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#45 CZMDM

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Posted 06 March 2012 - 02:35 PM

I am sorry. It is "The Blood of Kings" plural. It also describes some dream quest type rituals in which young Mayan men & women of royal blood were required to participate. Not for the squeamish.

One interesting thing in "Incidents of Travel...". is that it explains the high percentage of Mayan cross-eyed children during that period. The Maya believed that cross-eyes were the sign of deity. They would hang a pearl directly between the eyes of infants and after time the eyes would stay crossed. One of the team was an ophthalmologist. As they proceeded through the Yucan the surgeon would perform simple surgery on literally hundreds of Mayans to correct their vision.

The book is incredible. There are 3 main North Americans and numerous Mexicans aiding them along with Mayan guides. They were the first Westerners to see the ruins of Chichen-Itza, which was completely buried in vegetation. They all had malria and the book noted that at the end of the day when they would write in their journals that they sometimes had to compare notes to make sure that they were not reporting a phantom of a hallucination.
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#46 morenita

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Posted 06 March 2012 - 02:59 PM

Mike, I don't know about it being "a dry read". I found the book fascinating. There was a drawing of a rancho that was drawn by I believe another gentleman who had made attempts to buy the island. But again my memory is not pefect since it has been quite some time since I read it. But this was an excelllent book.
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#47 CZMDM

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Posted 06 March 2012 - 03:03 PM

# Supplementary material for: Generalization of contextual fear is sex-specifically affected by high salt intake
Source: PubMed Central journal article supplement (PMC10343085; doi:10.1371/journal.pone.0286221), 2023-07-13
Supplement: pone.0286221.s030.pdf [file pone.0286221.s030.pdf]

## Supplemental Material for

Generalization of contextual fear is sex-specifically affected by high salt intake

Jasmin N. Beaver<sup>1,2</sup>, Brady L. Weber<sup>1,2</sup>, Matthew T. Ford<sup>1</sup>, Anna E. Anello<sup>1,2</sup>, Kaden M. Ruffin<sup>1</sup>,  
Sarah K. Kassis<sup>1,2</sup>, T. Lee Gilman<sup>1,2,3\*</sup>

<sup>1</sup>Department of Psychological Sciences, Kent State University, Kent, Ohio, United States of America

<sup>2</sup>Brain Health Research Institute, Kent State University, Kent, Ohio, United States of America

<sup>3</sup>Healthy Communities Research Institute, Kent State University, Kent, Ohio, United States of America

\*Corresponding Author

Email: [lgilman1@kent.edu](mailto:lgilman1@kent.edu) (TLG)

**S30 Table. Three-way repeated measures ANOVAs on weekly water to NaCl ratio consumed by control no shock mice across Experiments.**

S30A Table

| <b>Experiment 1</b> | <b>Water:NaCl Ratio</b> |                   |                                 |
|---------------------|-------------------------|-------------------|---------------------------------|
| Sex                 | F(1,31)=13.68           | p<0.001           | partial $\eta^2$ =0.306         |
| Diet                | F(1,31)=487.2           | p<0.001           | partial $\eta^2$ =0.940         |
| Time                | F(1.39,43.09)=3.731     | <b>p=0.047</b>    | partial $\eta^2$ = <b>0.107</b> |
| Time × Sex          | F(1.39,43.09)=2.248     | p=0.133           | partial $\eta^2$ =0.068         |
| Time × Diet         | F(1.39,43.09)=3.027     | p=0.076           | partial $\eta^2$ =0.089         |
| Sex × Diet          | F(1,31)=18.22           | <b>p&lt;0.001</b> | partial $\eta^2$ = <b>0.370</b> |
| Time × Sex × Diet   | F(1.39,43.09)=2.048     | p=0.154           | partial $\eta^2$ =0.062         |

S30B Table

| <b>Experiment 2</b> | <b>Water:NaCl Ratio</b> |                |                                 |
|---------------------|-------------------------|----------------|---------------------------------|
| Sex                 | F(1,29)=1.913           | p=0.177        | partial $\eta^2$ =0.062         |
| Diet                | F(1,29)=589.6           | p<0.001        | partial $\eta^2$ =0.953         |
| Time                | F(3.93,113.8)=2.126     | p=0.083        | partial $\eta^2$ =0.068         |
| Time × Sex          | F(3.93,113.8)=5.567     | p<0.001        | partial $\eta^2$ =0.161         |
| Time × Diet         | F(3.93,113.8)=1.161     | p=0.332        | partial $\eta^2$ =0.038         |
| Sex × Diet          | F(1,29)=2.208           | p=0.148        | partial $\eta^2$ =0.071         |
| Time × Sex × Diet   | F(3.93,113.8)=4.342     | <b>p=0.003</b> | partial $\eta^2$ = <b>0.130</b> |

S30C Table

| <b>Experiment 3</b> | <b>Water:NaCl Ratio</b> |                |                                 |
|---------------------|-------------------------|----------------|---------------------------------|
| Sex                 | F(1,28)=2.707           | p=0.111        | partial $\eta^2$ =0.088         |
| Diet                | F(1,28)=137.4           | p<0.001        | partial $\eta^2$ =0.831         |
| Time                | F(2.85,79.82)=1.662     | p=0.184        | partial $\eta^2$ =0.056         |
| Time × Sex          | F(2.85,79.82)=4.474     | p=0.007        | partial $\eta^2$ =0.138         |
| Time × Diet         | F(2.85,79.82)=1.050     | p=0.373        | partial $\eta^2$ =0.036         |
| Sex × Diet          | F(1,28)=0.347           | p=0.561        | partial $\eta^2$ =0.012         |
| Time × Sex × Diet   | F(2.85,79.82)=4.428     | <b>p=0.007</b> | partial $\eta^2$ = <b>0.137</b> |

I just meant that the writing syle of the mid-1800's moves along slightly slower than that of more contemporary writers. There are two volumes.
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#48 morenita

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Posted 06 March 2012 - 03:32 PM

Understood. But for the historical value it is excellent. I should clarify by copy, I have never had the pleasure of reading it in it's entirety. I have a very good friend who this is her study. She lives in Merida and teaches this subject. She has given me copies of sections of this book that pertain to Cozumel and a few other ruins in the Yucatan. It is fascinating. Stephens had a partner , don't know the name. but I understand he was the artist who did most of the drawings. They are amazing. Do you remember anything of some story in his book about something to do with Uxmal being built in a day? I will have to see if she has the entire book. Now I am really interested and would love to read it in its entirety. She can spend hours explaining the ruins of Chichenitza, Uxmal,Coba etc. From the significance to the number of steps, and the Mayan calender, Haab, and on and on. I love this stuff.
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#49 Coz2wonder

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Posted 06 March 2012 - 04:50 PM

I would like to make a suggestion, and that is a new topic be started regarding Cozumel.

I find the discussion of the utmost interest and does deserve it's own discussion and header.
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#50 morenita

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Posted 06 March 2012 - 05:03 PM

I agree this got off topic. My fault.

The original topic is an important one.
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#51 Coz2wonder

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Posted 06 March 2012 - 05:12 PM

If you open a new topic, I will attempt to move all relevant post to the new header.

We will have to wait and see what happens, or doesn't happen with the horses for now.